Support independent arts journalism by joining our Patreon! Currently $5/month.

About Superconductor

Our motto: "Critical thinking in the cheap seats." Unbiased, honest classical music and opera opinions, occasional obituaries and classical news reporting, since 2007. All written content © 2019 by Paul J. Pelkonen. For more about Superconductor, visit this link. For advertising rates, click this link. Follow us on Facebook.

Wednesday, January 11, 2012

Opera Review: She's a Brick House

The Luc Bondy Tosca returns to the Met.
by Paul J. Pelkonen
Corruptis in extremis: George Gagnidze as Baron Scarpia in the Met's Tosca.
Photo by Ken Howard © 2009 The Metropolitan Opera.
On Tuesday night, the Metropolitan Opera presented a strong cast in the company's fourth revival run of Tosca. This is the ill-received 2009 Luc Bondy production. Despite the Zeffirelli pipe-dreams of those who remember the old staging, Mr. Bondy's version of the opera is apparently here to stay. This performance marked the Met debut of Mikko Franck on the podium. The energetic Finnish conductor led a stirring performance, with the right amount of rubato to let the singers stretch out and work the material.

This cast featured the return of soprano Patricia Racette to the title role, which she sang in 2010 opposite Jonas Kaufmann and Bryn Terfel. Ms. Racette remains a potent, committed force as Puccini's fiery opera singer. She can act too, riding the gamut from jealous lover to harried diva to bloody avenger with the right touch of madness. 

Her singing was even better, climaxing in a nuanced "Vissi d'arte" that had the right mix of pain and passion. She was magnificently over the top in the final act, soaring through "Trionfal!" and acting with glorious dementia in the final scene. It's too bad that this staging still hasn't solved the diva's plummet off the ugly "prison tower" set--the ending doesn't quite come off.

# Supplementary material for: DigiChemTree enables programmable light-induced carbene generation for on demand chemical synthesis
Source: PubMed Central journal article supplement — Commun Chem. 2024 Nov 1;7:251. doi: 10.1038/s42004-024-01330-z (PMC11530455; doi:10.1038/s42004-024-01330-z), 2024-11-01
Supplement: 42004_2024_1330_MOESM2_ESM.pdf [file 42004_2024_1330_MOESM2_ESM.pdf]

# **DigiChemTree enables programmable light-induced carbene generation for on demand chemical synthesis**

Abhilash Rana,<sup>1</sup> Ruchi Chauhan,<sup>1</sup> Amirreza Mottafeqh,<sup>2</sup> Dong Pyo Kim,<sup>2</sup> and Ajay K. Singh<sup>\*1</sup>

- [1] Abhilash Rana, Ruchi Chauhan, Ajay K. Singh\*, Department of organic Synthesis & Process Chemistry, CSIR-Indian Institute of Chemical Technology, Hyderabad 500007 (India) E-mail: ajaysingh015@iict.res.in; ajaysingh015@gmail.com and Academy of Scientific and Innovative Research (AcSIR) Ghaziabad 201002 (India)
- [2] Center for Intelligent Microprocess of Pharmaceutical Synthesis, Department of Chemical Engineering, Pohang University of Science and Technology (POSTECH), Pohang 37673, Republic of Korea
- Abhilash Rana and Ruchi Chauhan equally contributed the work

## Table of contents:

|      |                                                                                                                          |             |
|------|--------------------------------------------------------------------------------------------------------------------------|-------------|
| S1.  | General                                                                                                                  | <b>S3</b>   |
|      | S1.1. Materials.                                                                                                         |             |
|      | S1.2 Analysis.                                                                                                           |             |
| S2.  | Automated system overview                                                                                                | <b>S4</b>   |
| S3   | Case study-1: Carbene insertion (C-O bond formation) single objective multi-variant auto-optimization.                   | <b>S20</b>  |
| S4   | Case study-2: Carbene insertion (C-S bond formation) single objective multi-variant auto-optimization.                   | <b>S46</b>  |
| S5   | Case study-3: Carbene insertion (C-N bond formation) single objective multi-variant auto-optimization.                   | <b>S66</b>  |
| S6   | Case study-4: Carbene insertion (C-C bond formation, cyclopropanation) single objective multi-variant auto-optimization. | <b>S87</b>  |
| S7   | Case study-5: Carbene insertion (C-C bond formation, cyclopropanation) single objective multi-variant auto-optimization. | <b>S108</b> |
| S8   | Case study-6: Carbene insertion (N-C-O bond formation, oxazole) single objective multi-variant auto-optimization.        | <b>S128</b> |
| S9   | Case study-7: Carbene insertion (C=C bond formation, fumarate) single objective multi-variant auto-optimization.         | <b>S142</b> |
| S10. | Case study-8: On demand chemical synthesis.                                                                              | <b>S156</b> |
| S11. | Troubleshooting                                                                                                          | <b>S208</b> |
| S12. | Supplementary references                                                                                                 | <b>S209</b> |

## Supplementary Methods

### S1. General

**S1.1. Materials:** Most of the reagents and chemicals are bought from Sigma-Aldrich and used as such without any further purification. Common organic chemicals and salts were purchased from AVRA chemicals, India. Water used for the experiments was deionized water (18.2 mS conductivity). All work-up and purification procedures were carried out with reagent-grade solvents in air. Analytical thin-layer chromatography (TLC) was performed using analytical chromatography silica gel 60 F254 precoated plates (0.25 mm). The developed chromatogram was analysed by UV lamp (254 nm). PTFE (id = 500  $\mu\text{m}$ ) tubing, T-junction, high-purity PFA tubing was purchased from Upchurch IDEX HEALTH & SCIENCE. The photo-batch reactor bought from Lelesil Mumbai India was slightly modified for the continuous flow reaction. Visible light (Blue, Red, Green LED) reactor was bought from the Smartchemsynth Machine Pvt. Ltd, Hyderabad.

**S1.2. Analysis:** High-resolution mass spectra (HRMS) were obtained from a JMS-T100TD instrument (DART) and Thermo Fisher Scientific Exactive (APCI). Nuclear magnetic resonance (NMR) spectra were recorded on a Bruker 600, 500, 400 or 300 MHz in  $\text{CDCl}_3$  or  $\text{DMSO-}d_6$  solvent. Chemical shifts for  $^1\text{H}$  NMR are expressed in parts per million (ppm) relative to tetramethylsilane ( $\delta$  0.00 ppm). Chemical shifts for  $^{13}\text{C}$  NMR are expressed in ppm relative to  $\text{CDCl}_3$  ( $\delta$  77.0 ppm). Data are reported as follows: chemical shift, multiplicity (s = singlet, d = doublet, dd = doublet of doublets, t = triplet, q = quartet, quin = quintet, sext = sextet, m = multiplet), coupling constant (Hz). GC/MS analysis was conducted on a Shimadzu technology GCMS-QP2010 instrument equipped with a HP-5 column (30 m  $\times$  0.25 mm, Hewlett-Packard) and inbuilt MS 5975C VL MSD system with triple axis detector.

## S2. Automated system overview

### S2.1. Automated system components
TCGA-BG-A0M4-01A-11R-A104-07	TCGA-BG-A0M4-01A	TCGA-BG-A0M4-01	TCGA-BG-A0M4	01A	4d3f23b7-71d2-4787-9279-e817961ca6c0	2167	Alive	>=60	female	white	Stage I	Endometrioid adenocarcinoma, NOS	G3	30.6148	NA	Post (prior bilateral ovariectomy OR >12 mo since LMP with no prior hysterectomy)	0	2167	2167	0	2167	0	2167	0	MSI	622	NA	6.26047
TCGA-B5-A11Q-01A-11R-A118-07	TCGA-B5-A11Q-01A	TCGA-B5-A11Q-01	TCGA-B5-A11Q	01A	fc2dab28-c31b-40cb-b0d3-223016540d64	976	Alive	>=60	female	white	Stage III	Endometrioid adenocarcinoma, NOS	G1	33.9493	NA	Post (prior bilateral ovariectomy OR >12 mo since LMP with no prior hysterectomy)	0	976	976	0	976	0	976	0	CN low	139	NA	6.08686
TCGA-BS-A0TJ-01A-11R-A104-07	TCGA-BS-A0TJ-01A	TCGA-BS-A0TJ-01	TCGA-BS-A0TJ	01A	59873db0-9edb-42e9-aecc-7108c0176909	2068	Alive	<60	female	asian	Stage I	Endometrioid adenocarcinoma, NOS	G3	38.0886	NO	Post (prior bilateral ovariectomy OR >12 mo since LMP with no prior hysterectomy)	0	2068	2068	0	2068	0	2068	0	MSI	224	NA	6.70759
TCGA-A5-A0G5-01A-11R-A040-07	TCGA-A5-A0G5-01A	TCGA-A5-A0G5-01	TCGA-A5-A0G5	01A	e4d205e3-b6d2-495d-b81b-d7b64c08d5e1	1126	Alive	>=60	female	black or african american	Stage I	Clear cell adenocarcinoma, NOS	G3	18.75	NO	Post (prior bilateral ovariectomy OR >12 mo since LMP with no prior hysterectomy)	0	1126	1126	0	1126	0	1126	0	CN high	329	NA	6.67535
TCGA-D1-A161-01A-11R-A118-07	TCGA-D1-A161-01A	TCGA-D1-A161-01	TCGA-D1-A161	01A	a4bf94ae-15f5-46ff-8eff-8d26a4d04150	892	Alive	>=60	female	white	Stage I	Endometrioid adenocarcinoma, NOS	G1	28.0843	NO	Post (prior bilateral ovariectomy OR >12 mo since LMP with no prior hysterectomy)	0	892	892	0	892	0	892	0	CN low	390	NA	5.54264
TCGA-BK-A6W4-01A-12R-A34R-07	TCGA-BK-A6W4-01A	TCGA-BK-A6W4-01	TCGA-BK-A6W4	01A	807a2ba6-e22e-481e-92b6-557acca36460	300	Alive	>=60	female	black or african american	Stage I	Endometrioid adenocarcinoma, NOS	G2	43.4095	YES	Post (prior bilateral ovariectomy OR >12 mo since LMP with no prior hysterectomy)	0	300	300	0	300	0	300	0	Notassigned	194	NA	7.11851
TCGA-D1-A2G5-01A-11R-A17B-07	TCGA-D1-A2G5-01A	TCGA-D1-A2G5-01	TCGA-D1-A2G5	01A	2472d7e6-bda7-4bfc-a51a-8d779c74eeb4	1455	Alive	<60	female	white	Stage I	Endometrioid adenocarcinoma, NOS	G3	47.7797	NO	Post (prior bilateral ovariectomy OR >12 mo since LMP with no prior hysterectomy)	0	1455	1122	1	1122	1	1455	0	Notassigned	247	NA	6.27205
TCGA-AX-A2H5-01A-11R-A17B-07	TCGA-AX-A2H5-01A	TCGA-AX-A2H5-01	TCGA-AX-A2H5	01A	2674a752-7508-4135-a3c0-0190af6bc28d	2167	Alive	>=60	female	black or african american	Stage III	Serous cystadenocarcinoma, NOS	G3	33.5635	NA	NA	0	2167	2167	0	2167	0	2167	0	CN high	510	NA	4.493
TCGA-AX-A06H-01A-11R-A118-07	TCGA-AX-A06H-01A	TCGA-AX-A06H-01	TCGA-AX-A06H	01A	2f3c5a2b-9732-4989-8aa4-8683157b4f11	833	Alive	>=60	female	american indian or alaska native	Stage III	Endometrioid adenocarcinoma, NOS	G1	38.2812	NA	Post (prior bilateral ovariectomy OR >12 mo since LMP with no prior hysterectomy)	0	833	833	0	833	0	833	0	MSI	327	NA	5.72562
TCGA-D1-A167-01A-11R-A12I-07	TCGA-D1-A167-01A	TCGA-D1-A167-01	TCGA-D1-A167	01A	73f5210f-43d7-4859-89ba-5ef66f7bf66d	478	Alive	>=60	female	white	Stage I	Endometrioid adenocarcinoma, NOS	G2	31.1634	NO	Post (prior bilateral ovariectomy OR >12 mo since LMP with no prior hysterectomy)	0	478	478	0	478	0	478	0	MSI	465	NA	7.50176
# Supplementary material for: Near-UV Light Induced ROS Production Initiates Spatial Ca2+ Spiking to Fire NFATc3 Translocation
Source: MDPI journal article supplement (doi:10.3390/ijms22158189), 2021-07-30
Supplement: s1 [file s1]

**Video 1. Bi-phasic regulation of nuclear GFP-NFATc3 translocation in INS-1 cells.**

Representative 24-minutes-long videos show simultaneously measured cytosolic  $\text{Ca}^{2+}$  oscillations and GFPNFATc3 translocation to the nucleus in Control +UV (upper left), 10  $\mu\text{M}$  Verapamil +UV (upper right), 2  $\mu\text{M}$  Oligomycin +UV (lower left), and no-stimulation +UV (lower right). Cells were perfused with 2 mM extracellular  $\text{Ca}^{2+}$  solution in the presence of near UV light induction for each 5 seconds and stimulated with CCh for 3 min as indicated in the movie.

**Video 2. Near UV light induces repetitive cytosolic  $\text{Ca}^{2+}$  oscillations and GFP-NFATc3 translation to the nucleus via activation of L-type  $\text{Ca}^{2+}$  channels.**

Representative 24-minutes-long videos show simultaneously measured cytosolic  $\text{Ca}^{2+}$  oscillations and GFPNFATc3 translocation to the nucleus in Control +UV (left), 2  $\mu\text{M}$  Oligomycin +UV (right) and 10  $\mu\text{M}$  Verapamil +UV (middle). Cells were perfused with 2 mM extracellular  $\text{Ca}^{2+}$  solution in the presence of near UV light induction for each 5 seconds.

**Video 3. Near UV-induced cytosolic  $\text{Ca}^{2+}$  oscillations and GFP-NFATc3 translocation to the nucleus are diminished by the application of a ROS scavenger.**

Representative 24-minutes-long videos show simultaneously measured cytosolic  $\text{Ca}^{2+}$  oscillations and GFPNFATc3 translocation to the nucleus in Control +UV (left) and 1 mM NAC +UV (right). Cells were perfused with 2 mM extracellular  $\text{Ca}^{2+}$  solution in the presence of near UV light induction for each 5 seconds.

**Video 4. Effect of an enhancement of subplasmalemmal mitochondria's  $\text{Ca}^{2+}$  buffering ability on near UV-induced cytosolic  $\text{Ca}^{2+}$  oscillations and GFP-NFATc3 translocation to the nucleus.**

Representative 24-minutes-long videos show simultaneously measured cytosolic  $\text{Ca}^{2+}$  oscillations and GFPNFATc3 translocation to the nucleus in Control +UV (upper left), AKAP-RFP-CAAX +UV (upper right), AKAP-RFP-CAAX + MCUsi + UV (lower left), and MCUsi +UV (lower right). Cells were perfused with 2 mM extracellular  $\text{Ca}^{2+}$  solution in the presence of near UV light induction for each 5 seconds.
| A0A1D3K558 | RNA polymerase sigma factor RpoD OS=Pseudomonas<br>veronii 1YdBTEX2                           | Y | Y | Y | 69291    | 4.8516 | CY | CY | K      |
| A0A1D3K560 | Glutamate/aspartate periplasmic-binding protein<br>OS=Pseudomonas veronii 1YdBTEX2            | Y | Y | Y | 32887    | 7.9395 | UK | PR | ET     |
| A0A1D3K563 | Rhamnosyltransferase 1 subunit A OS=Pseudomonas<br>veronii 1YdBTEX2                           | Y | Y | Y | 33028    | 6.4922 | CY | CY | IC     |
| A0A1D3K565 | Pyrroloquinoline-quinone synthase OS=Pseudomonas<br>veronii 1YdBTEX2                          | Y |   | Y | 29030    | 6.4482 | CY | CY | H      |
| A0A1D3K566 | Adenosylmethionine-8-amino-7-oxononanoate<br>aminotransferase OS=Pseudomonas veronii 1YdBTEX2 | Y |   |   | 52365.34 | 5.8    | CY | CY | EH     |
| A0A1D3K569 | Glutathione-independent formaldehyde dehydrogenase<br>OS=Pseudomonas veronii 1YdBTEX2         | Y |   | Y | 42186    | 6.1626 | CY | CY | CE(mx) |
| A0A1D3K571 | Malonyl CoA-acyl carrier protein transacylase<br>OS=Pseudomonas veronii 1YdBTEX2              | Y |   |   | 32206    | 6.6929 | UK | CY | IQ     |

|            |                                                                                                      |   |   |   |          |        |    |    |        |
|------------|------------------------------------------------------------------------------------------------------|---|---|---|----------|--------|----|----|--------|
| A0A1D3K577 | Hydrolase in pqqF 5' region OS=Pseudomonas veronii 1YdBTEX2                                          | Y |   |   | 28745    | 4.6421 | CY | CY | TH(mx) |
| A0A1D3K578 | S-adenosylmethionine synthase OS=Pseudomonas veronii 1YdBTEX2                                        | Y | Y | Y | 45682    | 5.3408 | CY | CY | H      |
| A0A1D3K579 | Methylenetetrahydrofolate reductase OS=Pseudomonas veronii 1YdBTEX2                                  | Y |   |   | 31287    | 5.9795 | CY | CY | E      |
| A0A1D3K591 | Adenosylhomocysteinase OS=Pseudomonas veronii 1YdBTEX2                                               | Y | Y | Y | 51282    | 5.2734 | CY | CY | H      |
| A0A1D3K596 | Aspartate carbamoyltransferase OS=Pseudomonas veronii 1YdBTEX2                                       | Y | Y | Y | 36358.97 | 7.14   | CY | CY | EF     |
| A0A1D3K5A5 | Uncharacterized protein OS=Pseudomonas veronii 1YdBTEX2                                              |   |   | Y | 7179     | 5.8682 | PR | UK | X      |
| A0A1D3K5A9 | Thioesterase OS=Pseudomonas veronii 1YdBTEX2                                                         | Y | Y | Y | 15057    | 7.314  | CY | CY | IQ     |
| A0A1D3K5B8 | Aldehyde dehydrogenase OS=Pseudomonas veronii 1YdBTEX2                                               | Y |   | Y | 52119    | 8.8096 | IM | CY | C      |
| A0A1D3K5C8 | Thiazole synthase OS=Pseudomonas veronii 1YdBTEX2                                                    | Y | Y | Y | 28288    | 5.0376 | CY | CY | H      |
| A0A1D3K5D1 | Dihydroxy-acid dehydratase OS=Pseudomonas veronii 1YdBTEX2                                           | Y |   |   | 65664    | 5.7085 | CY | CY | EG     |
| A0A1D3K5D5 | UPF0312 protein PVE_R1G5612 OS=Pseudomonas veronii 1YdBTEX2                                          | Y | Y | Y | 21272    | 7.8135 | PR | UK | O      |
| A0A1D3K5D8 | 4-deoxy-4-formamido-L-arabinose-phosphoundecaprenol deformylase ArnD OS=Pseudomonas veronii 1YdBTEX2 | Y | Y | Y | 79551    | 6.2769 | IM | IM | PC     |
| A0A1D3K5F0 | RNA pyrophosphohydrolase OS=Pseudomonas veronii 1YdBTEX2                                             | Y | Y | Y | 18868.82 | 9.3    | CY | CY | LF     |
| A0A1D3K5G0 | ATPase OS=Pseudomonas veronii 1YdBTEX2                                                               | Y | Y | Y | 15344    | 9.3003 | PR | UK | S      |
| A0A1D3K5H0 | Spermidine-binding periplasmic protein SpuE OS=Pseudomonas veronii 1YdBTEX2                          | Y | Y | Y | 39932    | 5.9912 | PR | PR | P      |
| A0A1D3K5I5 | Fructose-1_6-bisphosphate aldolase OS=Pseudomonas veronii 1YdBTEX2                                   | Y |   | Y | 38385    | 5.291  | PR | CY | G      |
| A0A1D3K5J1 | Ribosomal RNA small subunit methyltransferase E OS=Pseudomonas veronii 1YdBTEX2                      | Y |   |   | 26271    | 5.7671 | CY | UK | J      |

Roberto Alagna first sang Cavaradossi in this production last January, when he was called in by Met general manager Peter Gelb as an 11th-hour replacement for an ill Marcelo Àlvarez. Tuesday's prima was the day after the singer came out of the bullpen to sing Monday night's Faust, subbing in for an ill Joseph Calleja.

Taking two heavy roles on consecutive nights may have taken a toll on Mr. Alagna's instrument. Although he produced a pleasing tone for "Recondita armonia", there was a definite widening of his vibrato on the last note. The singer fired off a vibrant "Vittoria!" and sang a clear, noble "E Lucevan le Stelle." The only sticking point: the short phrasing in the a capella part of "Trionfal!". He simply did not have the breath to match Ms. Racette's longer notes.

Despite the problems of Mr. Bondy's drab production, this evening had some welcome directorial alterations. Ms. Racette had some refreshing comic business: a reference to Act I of Figaro when she searched for Cavaradossi's hidden (and non-existent) lover.The chess game between Cavaradossi and his jailer (which doesn't make much dramatic sense) was a match worthy of the speed players in Union Square, but more violent.

Aside from the reliable Sacristan of 45-year Met veteran Paul Plishka (he is retiring Jan. 28) the best thing about this Tosca has been its run of strong baritones in the role of Scarpia, the villainous chief of the Roman police. In his leather uniform and boots, with hair slicked back, George Gagnidze was a forceful presence as the corrupt commish, who manages to break all seven deadly sins in the course of two acts.

Mr. Gagnidze's performance drew fire at the Sept. 2009 premiere of this production, and he continues to offer a strong, red-blooded interpretation of the venal police chief. He still groped the statue of the Madonna. And nobody's sure why he sings the opening of Act II on a couch pressed down by three extras from Carmen, though he didn't seem to mind.

Never mind. In crawling after Tosca, brutalizing Cavaradossi, and even singing occasionally, Mr. Gagnidze clearly relished the role of the villain. There was even a moment of pathos when he confessed his obsession to Tosca herself. He used a soft, pleading delivery, recalling his other signature role: Rigoletto.

Trending on Superconductor


Share My Blog!

Share |

Critical Thinking in the Cheap Seats